<document pages="8">
  <page width="21.0" height="29.7">
    <block x="2.1" y="10.3" width="15.3" height="2.2" font-size="12">

Processing Pipeline: The extraction process consists of two consecutive classification phases, text block classification and token classification. In the first phase the input text blocks are classified and a sub-set of the meta-data are derived from this result. The text blocks related to the author meta-data are then fed into another classification phase. In the second phase the individual words within the text blocks are classified.

Meta-Data Types: The goal of the TeamBeam algorithm is to extract a rich set of meta-data from scientific articles: i) The title of the scientific article; ii) The optional sub-title, which is only present for a fraction of all available articles; iii) The name of the journal, conference or venue; iv) The abstract of the article, which might span a number of paragraphs; v) The names of the authors; vi) The e-mail addresses of the authors; vii) The affiliation (i.e. university, institute, company, etc.) of the authors.

Classification Algorithm: A supervised machine learning algorithm lies at the core of the meta-data extraction process. The open-source library OpenNLP provides a set of classification algorithms tailored towards the classification of sequences. Its main algorithm is based on the Maximum Entropy classifier [1], which by itself does not take sequence into account. In order to integrate the sequence information, a Beam Search approach [8] is followed. Beam Search takes the classification decision of preceding instances into account to improve overall performance and to rule out any unlikely label sequences.

Feature Types: Classification algorithms are capable of dealing with a diverse set of feature types. The TeamBeam algorithm is restricted to binary features. Therefore, all continuous or categorical information needs to be mapped to features with binary values. The features used for classification are derived from the layout, the formatting, the words within and around a text block, and common name lists. A language model is created at the beginning of the training phase to improve the text block classification.

There are two common name lists which are used to create features for the classification: a list of common first names and a list of surnames. The first list contains 7,133 entries, which represent common first names taken from the GATE project. The list of surnames contains 88,799 names which represent the most common names from the US Census. Both lists are biased towards US names and therefore cannot be seen as exhaustive.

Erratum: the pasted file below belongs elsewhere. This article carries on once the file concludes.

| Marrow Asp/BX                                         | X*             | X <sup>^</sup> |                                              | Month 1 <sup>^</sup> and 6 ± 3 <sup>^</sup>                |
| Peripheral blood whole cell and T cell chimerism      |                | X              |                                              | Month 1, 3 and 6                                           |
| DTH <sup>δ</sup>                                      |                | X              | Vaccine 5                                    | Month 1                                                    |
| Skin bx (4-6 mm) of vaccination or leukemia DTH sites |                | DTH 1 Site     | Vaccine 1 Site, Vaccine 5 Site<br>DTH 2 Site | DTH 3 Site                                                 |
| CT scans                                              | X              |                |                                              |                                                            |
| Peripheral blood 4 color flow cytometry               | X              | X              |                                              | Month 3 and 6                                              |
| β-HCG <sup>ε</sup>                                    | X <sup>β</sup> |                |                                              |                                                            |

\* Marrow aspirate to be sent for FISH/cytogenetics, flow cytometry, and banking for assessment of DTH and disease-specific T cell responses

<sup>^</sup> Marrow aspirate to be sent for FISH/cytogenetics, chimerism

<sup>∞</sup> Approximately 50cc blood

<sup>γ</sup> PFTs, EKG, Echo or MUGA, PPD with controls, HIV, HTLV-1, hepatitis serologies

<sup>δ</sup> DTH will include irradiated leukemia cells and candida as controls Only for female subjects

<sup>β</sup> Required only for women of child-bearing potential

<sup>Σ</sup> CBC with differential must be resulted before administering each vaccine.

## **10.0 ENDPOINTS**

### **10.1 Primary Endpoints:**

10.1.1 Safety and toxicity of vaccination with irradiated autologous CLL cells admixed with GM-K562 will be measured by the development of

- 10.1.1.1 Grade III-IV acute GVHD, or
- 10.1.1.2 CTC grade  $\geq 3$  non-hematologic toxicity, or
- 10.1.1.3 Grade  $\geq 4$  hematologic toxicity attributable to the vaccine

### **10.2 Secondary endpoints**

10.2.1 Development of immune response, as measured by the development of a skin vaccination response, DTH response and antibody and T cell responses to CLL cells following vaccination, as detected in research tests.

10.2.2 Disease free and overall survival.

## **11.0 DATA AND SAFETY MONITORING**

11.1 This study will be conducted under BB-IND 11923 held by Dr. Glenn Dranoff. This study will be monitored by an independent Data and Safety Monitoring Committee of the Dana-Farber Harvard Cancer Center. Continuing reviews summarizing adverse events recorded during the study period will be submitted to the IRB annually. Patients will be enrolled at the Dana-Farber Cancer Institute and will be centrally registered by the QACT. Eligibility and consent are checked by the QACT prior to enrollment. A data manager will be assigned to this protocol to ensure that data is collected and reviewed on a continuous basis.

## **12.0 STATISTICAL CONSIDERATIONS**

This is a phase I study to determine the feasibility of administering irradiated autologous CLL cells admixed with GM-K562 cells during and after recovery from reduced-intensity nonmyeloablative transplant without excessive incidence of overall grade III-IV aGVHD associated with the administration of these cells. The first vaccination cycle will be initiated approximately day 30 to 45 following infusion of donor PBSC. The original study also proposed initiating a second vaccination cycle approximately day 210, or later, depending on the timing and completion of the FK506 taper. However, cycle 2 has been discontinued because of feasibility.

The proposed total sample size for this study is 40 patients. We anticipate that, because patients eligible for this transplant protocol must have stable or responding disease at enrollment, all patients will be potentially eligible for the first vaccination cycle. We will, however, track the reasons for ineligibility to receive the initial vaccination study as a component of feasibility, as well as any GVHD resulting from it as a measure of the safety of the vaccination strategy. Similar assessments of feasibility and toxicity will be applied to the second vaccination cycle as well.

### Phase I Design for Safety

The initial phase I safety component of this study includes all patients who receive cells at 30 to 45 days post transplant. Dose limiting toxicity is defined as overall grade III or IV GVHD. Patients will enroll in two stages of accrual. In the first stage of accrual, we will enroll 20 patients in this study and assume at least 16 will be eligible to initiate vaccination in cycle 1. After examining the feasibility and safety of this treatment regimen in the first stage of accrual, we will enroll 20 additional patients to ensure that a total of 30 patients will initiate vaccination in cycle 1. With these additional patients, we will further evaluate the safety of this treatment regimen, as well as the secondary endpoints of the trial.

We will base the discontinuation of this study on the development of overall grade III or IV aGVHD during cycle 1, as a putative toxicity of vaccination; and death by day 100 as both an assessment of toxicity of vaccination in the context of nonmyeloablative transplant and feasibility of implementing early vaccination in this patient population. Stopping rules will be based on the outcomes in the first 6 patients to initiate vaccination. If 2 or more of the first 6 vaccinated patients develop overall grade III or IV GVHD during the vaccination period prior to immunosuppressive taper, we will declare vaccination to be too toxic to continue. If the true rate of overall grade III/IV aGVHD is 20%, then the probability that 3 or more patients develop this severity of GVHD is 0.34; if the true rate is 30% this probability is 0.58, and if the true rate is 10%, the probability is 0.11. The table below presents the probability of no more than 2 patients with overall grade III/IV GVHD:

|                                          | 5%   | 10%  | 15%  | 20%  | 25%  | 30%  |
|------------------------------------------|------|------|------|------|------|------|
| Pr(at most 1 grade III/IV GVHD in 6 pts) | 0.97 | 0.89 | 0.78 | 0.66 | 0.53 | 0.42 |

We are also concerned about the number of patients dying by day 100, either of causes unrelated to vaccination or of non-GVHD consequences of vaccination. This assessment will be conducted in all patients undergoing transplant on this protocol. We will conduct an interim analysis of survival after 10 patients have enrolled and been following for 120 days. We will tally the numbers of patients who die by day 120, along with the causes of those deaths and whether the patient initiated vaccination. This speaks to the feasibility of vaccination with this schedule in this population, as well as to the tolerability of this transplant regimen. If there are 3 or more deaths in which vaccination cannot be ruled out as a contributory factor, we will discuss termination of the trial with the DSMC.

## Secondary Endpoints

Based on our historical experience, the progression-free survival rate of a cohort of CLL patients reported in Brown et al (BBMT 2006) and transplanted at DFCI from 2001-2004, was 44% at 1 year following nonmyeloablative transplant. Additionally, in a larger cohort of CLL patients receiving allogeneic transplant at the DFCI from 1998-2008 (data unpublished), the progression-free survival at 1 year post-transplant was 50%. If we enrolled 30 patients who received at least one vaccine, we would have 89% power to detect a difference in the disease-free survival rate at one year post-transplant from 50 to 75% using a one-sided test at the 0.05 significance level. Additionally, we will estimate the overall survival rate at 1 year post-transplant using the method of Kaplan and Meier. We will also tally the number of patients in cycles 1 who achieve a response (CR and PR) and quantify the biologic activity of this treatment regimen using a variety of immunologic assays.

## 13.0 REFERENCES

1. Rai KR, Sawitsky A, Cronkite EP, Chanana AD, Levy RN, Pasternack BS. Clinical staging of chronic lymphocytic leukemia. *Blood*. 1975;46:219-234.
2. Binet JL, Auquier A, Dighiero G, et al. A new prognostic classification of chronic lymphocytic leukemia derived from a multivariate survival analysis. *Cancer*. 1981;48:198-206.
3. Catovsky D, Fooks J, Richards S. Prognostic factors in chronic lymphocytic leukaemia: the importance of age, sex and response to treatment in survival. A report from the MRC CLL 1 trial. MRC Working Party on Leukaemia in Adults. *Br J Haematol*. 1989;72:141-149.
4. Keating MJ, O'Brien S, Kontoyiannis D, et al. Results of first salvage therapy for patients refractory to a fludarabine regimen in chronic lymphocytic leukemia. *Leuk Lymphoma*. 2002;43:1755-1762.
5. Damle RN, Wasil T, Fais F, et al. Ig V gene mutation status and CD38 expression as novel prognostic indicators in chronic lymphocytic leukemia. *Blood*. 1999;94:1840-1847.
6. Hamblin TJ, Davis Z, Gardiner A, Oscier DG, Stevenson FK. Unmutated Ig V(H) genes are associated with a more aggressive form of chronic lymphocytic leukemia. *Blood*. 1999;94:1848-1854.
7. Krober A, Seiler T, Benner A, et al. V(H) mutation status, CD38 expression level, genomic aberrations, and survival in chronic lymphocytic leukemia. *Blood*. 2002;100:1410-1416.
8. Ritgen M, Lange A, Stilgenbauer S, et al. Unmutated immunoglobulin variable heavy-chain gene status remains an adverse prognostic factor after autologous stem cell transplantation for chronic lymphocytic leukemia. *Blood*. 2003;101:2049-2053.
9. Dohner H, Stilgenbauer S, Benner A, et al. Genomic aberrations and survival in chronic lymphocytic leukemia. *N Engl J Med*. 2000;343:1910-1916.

2.1 Text Block Classification

The first phase of meta-data extraction is the classification of the text blocks. Its task is to assign each text block on a page to one of these labels: Title Block; Sub-Title Block; Journal Block; Abstract Block; Author Block; E-Mail Block; Affiliation Block; Author-Mixed Block; and Other Block.

Depending on the layout of the input article, the author related meta-data may either be found in separate text blocks, or a single block may contain more than one author meta-data type. In the latter case, the block should be labelled with Author-Mixed Block, for example if the e-mail address and the affiliation occur in the same text block. The Other Block class is assigned to all text blocks that contain no meta-data.

The text block label from the training set is also used to build a language model. For each block type, all of the words contained within are collected and their frequency is counted. This is done for all articles from the training set. Thus each text block type has its own language model, where the frequency of words reflect how often this word has been used within such a text block.

Language Model Features
When creating the feature set for each text block, all words within the block are iterated over. For each word, the text block type with the highest likelihood according to the language models is counted. The text block type with the highest count is then assumed to be the most probable source for the words contained within a single text block. This is the base for the first set of features.
Layout Features
The set of binary features which encode the position of a single block within a page are: isFirstBlock; isLastBlock; isLeftHalf; isRightHalf; isTopHalf; isBottomHalf; isRight; isLeft; isTop; isBottom; and isCenter. In addition there are two sets of fuzzy isRight, isLeft, isTop and isBottom features, which are generated for two different relative thresholds from their respective page border (0.1 and 0.3).
Formatting Features
The formatting features encode font and text flow in the text: isBigFont; isBiggerFont; isSmallFont; isSmallerFont; isLeftAligned; and isRightAligned. The reference for the font size is computed by the mean font size plus/minus the standard deviation, which is multiplied by 1 for Big/Small and 1.5 for Bigger/Smaller. A set of features is created for the number of characters per line and the number of lines within each block, once for the count as is and once for the floored square root of the count.
Dictionary Features
If a word within a text block is found in one of the two common name lists, a binary feature is added to the feature set: containsGivenName; and containsSurname.